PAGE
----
Mr Ole Keiwua also submitted that under s 11(1) of the Act the Attorney General had an absolute discretion to admit a foreign advocate to practice as an advocate. It is an administrative discretion in the exercise of which the Attorney General was not acting as a Court, he said and he was merely to consider the request made to him on the applicant’s behalf and either accede to it or refuse it. Mr Ole Keiwua pointed out that there was no investigative machinery or enquiry envisaged by the Act. He argued that the Attorney General’s decision can be challenged only if it was ultra vires s 11 (1) of the Act. He conceded that the Attorney General’s administrative action has to be fair but so long as the decision was within the law it could not be termed unfair. On the other hand the applicant has attacked the Attorney General’s refusal mainly on the ground that it was made in breach of the rules of natural justice without giving him any or sufficient opportunity of being heard in support of his application so as to explain why Mr Mansfield should be admitted.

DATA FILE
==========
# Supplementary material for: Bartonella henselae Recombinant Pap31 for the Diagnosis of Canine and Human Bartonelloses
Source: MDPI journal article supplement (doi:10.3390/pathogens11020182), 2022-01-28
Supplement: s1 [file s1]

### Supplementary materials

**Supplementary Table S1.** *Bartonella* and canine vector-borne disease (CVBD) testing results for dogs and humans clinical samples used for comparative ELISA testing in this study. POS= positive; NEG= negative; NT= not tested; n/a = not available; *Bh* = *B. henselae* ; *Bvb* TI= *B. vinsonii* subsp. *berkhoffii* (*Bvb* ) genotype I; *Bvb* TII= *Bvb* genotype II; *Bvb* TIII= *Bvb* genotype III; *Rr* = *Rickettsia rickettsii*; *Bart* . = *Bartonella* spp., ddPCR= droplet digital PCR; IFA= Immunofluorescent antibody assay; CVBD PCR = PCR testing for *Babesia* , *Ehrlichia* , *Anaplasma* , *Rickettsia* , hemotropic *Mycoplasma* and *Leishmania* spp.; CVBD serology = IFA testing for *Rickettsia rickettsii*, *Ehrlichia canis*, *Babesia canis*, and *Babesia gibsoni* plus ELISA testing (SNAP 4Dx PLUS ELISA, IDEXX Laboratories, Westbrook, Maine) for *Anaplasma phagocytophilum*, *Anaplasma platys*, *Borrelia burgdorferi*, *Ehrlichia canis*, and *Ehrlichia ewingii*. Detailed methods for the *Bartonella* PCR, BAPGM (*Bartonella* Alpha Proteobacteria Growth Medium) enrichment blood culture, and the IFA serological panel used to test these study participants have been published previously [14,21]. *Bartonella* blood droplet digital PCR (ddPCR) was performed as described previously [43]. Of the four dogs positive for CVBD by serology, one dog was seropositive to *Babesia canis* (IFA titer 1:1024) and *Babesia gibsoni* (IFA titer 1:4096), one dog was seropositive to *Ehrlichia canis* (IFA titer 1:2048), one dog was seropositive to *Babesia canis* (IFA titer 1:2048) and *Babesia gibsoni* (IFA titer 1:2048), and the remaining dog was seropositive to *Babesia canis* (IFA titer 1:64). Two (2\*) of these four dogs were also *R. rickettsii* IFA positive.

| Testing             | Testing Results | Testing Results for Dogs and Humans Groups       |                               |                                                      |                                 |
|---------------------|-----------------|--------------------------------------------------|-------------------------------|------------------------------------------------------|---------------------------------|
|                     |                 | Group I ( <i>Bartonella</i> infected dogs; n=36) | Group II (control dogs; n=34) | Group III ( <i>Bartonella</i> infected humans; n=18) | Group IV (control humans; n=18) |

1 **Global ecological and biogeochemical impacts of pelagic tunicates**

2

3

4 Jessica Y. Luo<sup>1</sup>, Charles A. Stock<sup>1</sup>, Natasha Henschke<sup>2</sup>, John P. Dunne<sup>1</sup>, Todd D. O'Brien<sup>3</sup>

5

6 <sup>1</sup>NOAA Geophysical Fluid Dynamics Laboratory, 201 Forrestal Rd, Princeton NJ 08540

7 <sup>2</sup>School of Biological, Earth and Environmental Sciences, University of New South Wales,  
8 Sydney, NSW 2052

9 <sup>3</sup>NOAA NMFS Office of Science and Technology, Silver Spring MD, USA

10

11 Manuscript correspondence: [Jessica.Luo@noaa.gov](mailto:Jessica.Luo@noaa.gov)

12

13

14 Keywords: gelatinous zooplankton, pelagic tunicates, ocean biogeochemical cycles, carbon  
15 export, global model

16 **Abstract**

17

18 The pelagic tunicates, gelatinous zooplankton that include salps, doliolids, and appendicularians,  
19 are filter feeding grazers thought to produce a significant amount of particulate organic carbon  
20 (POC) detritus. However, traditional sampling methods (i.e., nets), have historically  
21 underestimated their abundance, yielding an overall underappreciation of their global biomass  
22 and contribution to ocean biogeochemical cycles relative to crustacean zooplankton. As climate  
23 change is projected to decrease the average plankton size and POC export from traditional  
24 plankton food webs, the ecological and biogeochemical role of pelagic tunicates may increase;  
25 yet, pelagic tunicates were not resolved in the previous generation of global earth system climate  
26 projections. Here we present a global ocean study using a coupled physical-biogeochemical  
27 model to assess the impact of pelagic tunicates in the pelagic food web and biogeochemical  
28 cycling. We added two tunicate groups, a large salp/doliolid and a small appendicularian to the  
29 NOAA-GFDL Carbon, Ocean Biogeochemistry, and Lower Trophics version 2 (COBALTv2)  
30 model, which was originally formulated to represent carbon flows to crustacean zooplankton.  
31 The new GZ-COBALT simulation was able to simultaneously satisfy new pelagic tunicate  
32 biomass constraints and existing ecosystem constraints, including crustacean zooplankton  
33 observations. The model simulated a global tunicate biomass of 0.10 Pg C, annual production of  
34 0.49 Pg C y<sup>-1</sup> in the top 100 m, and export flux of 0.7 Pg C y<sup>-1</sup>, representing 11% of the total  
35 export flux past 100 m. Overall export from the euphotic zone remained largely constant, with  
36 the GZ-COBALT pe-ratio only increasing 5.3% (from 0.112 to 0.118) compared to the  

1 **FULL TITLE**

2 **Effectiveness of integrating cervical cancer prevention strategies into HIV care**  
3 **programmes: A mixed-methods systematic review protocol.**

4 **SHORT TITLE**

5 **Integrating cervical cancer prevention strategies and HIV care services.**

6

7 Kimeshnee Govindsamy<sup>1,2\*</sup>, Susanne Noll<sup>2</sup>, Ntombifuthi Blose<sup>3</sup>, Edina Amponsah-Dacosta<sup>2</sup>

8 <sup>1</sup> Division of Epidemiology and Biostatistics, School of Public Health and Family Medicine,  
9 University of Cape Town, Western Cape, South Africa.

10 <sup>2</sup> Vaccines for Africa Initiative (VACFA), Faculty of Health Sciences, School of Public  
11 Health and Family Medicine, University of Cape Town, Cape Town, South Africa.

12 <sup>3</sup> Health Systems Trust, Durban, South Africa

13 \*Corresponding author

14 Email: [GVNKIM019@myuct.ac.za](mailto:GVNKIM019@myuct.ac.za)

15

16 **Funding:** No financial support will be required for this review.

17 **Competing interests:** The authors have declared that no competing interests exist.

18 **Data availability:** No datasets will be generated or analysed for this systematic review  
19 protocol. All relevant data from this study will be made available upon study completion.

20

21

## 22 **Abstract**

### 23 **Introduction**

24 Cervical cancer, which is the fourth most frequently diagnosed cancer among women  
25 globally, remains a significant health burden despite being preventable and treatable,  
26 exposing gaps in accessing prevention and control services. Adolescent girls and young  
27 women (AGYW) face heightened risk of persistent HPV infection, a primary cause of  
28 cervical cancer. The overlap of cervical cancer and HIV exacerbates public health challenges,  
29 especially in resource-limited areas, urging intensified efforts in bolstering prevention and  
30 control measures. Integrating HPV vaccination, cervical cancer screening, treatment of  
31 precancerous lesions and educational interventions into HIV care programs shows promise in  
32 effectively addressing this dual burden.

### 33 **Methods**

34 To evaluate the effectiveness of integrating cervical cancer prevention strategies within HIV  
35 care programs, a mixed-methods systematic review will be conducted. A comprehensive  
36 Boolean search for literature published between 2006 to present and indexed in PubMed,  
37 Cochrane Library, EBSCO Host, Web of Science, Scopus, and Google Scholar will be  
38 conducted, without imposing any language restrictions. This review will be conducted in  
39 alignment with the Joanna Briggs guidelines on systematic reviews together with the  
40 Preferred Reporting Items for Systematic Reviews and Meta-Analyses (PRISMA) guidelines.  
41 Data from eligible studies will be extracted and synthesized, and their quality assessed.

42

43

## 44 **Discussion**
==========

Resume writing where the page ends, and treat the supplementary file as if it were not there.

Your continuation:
In David Oloo Onyango vs Attorney General Civil Appeal No 152 of 1986 (unreported) Platt JA said:
“It is clear that the English Courts have taken the view that the Courts are not to abdicate jurisdiction merely because the proceedings are of an administrative nature or of an internal disciplinary character. It is a lead which I think the Courts in Kenya would do well to follow in carrying out their task of balancing the interest of the Executive and the citizen. It is to everyone’s advantage if the Executive exercises its discretion in a manner which is fair to both sides and is seen to be fair.”